By Maureen Gilmer, IU Health senior journalist, email@example.com
When Sarah McGregor stepped into her nursing shoes and scrubs for the first time nearly 10 months ago, she experienced equal parts pride, relief, excitement and joy.
Along with a healthy dose of fear.
She had worked so hard for so long to realize her dream of becoming a pediatric nurse, including six years as a patient care assistant on 8 East at Riley Hospital for Children at IU Health.
She was ready.
That was in late February.
In March, the world changed. The coronavirus pandemic seeped its way into our lives, slowly at first, but quickly gaining strength. It changed the way we worked, the way we traveled, how we shopped and how we educated our kids.
For McGregor, nursing suddenly came with new risks, new standards of care and new safety protocols.
“It has definitely been very different, and I feel like I’ve learned a lot,” she said. “When I started, it was probably two weeks before we all were wearing masks all the time, patients couldn’t go to the playroom, siblings couldn’t come up, and both parents couldn’t be at the bedside.
“So on top of me growing as a nurse, there were lots of learning curves. It was like, ‘OK, you’re a nurse and, oh by the way, here’s a pandemic. Have fun!’ ”
It’s been quite a year alright. But there’s always a bright spot for this big kid at heart. And that’s the promised arrival of Santa Claus every year on the floors of Riley.
This year was no different, even if Santa himself took on a new robot-like appearance.
“Last week when I saw Santa, I lost it,” McGregor said. “Every year when Santa comes, I don’t know why, but I’m always here. And I scream down the hallway. I scare this poor man every year. I’m more giddy than the children.”
As a child, she loved to see Santa, even if some of her old photos tell a different story. She would work herself into a state while in line as a kid, worried that she would forget what she wanted to ask St. Nick to bring her for Christmas. Blocks? A puppy? A baby doll?
As an adult in years past, she would always give the big guy a hug when he dropped by 8 East to visit team members and patients, and someone always took her picture, sometimes by herself, sometimes with a group.
“That’s one of those things I love most about Riley is no matter what else is happening, we are still all about the kiddos,” she said. “It’s not all focused on the sickness. Even though you’re in the hospital, Santa can still come and see you.”
This year, amid the pandemic, Santa looked a little different. His image was on an iPad topping a pole that was outfitted in an elf suit.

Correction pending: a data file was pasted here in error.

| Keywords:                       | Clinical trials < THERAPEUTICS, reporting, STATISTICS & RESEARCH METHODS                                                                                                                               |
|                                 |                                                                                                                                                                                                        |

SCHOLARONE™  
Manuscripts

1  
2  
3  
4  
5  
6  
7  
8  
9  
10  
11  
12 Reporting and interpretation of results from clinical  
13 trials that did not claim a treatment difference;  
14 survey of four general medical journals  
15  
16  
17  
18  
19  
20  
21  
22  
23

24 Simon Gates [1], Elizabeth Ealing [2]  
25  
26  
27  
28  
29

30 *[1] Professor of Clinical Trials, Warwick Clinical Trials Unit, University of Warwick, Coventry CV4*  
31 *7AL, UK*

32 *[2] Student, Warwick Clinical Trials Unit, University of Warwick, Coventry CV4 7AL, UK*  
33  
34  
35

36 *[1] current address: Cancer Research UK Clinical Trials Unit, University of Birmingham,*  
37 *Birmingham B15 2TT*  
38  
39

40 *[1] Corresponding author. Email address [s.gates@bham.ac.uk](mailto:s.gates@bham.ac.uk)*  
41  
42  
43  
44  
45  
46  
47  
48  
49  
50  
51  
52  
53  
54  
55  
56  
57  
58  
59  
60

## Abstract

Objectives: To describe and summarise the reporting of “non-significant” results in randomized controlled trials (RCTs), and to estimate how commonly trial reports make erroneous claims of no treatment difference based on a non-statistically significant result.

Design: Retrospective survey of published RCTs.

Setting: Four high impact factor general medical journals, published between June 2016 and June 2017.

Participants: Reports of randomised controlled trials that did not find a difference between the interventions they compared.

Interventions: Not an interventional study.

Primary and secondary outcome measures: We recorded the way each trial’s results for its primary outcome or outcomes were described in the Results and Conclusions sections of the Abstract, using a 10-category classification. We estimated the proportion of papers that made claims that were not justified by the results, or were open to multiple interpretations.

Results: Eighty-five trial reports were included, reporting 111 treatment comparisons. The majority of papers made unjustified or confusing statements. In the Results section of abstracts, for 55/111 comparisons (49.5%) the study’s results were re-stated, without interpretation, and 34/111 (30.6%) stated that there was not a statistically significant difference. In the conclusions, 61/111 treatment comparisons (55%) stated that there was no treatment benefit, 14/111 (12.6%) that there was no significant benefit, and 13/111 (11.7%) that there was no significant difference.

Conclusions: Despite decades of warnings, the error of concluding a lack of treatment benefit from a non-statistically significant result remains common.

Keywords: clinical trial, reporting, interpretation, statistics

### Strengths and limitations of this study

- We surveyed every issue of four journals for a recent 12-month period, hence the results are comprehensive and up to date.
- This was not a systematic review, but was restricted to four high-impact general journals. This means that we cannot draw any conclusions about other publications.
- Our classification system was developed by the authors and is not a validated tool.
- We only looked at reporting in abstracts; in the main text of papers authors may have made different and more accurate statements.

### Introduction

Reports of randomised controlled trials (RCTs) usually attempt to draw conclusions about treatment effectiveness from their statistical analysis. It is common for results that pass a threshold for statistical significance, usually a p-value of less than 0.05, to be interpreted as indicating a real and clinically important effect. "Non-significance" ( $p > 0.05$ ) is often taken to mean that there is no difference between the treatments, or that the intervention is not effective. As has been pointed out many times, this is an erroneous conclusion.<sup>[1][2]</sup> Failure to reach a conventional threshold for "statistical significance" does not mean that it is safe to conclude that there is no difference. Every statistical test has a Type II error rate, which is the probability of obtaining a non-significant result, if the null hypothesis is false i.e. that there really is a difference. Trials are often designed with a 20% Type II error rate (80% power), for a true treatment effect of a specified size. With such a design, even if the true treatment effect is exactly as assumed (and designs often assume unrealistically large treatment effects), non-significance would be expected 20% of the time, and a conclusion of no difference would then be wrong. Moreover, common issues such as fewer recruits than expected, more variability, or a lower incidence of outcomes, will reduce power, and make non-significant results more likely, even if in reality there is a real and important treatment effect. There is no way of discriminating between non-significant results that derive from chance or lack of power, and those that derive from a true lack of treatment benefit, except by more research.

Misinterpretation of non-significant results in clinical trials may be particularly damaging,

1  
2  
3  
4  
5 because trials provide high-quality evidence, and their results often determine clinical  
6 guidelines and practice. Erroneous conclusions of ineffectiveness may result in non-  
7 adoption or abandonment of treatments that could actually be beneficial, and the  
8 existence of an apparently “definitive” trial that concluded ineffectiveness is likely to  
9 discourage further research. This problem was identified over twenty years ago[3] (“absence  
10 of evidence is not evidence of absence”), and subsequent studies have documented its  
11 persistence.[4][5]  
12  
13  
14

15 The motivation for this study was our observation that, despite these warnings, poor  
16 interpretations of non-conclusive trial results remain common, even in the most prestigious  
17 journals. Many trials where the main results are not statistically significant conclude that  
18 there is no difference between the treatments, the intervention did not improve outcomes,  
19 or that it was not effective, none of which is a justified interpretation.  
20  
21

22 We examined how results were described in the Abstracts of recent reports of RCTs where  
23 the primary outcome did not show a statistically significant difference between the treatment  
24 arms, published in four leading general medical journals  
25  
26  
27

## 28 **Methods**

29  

When he rounded the corner with the help of child life specialists, McGregor spotted him down the hall and squealed. There were no hugs this year, but she gave him a wave and posed for a photo. On the iPad screen was the same Santa she has seen in previous years at Riley.
Even the kids thought it was pretty cool.
“There’s a robot coming in their room and there’s Santa on the iPad, and he knows their name,” she said. “How cool is that? It made my day.”
Santa had goodie bags for every child, even those whose rooms he couldn’t enter.
McGregor doesn’t ask for blocks, or pets or dolls for herself anymore, but she loves that Riley donors and the Riley Cheer Guild provide those toys and more for young patients throughout the year.
She does have one special request this year, however.
“If I could ask Santa for one thing this year, it would be relief from COVID. Just one day that COVID didn’t exist, that families had plenty of food on the table, healthcare workers weren’t pushed to the limits, and all children had toys under the tree.”
While McGregor hasn’t been involved in direct care for kiddos with COVID, she acknowledges that her first year of nursing has produced some extra anxiety, which she tamps down by praying, talking to her mom and putting her trust in the science behind the virus and the vaccine.
The year has also strengthened the pride she has in her profession.
“This is what nursing is. This is what we signed up for. This is the oath I took. So, let’s go.”
No second thoughts?
“I’m still that annoying person who skips into work. I love my job so much.”
Photos without masks were taken in previous years.